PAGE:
This is what Otto says:
The "Peru Electricity Demand vs GDP" post of the other day that showed the close releationship between power demand and GDP growth went down well, with one mailer asking whether I had the China electricity numbers so that a decent stab at the real rate of growth could be made. That mail slipped my mind at the time but I was reminded of it just minutes ago while flicking through this excellent set of charts on China from Reuters (there are loads and they're really good, go see). Here's the power output chart from the set:
There you go: Real, unspun GDP number for China today? 6.4%.
Nope, wrong. In fact, here are several reasons why you're wrong:
1. The China y-o-y power demand growth curve will have a negative component, because China's government is (at least pretending to be) intervening in the industrial sector to shut down marginal (i.e. high-power-consumption low-profit) businesses. All (purportedly) in the name of improving per-unit-power-consumption productivity across the economy. So China's real unspun GDP number today is not 6.4%.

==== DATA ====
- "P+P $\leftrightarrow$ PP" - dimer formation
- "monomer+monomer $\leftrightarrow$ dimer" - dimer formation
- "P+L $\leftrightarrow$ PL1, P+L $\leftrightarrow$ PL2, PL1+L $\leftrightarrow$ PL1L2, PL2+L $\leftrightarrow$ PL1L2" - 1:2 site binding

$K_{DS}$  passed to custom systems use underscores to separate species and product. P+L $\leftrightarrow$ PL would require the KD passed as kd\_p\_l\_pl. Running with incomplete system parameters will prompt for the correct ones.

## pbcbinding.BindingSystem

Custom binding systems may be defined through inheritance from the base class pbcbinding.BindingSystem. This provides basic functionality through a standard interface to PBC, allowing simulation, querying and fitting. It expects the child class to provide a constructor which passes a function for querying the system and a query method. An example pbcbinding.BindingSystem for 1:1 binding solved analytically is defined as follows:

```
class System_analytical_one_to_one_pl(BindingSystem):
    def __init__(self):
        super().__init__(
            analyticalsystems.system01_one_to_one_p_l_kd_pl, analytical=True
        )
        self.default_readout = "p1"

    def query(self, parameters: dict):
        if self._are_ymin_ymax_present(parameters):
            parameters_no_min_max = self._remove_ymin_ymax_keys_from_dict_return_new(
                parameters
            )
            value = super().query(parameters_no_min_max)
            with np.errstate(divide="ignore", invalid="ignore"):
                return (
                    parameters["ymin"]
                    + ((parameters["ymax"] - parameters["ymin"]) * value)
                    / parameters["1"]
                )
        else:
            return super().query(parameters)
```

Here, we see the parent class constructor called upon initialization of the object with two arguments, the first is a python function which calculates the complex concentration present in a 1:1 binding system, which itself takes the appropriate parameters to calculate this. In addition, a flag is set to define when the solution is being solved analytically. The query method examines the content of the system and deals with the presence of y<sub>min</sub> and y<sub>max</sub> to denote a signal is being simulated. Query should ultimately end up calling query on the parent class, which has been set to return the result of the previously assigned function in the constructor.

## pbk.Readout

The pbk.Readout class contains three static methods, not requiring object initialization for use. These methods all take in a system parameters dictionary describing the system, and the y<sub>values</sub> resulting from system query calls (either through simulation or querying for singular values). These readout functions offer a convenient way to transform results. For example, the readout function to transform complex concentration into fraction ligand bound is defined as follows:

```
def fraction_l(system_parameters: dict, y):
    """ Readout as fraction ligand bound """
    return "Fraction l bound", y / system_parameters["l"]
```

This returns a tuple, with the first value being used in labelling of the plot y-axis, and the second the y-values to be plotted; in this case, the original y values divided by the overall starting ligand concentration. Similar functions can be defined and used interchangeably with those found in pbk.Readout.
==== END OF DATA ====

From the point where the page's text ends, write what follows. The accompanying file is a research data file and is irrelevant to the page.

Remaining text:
2. If China's transitioning from export to domestic consumption, and from industrial production to domestic services, this will also put a negative component in the y-o-y growth curve, assuming services use less power-per-unit-GDP than industry.
3. This whole "ooh, let's follow the power use for a true GDP measure because China's government lies all the time" thing is so 2009. Since then, the Chinese authorities have heard about it, with the result that now the power consumption numbers themselves have also become massaged.
So as you can see, you're wrong. Neener neener.
Though in the case of a less obfuscated country like Peru, using power as a proxy is probably good - though I'd still ask what the per-unit-of-GDP power intensity of mining is, compared to some other kind of business, cos if most economic growth is in mining you'll this time get a positive skew. (What do you guys do down there for a living besides mine gold and grow oranges, anyway?)